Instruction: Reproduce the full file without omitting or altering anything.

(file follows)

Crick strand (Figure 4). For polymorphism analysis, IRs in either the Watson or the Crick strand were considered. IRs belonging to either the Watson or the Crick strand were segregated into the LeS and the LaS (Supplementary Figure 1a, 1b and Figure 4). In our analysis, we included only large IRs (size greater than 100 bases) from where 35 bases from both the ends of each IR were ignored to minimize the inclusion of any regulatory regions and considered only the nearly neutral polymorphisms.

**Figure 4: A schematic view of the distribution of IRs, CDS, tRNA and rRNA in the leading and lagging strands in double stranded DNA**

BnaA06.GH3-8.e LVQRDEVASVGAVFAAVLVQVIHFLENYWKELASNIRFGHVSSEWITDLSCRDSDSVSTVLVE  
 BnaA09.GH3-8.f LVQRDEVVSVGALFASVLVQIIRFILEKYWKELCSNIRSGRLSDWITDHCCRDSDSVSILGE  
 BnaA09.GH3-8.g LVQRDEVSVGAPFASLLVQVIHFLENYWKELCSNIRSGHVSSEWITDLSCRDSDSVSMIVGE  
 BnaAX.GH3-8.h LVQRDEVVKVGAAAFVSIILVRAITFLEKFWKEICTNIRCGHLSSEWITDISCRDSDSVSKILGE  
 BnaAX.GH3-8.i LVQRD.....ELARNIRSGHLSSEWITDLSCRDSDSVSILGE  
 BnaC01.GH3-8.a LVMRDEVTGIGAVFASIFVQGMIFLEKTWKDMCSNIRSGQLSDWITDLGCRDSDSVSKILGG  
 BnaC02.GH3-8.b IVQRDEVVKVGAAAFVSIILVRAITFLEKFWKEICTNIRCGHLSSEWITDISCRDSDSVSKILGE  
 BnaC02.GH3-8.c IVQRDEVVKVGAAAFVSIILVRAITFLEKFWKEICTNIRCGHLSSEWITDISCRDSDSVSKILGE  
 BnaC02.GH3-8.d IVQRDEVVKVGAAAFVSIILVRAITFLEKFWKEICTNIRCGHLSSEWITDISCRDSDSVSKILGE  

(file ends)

Crick strand (Figure 4). For polymorphism analysis, IRs in either the Watson or the Crick strand were considered. IRs belonging to either the Watson or the Crick strand were segregated into the LeS and the LaS (Supplementary Figure 1a, 1b and Figure 4). In our analysis, we included only large IRs (size greater than 100 bases) from where 35 bases from both the ends of each IR were ignored to minimize the inclusion of any regulatory regions and considered only the nearly neutral polymorphisms.

**Figure 4: A schematic view of the distribution of IRs, CDS, tRNA and rRNA in the leading and lagging strands in double stranded DNA**

BnaA06.GH3-8.e LVQRDEVASVGAVFAAVLVQVIHFLENYWKELASNIRFGHVSSEWITDLSCRDSDSVSTVLVE  
 BnaA09.GH3-8.f LVQRDEVVSVGALFASVLVQIIRFILEKYWKELCSNIRSGRLSDWITDHCCRDSDSVSILGE  
 BnaA09.GH3-8.g LVQRDEVSVGAPFASLLVQVIHFLENYWKELCSNIRSGHVSSEWITDLSCRDSDSVSMIVGE  
 BnaAX.GH3-8.h LVQRDEVVKVGAAAFVSIILVRAITFLEKFWKEICTNIRCGHLSSEWITDISCRDSDSVSKILGE  
 BnaAX.GH3-8.i LVQRD.....ELARNIRSGHLSSEWITDLSCRDSDSVSILGE  
 BnaC01.GH3-8.a LVMRDEVTGIGAVFASIFVQGMIFLEKTWKDMCSNIRSGQLSDWITDLGCRDSDSVSKILGG  
 BnaC02.GH3-8.b IVQRDEVVKVGAAAFVSIILVRAITFLEKFWKEICTNIRCGHLSSEWITDISCRDSDSVSKILGE  
 BnaC02.GH3-8.c IVQRDEVVKVGAAAFVSIILVRAITFLEKFWKEICTNIRCGHLSSEWITDISCRDSDSVSKILGE  
 BnaC02.GH3-8.d IVQRDEVVKVGAAAFVSIILVRAITFLEKFWKEICTNIRCGHLSSEWITDISCRDSDSVSKILGE  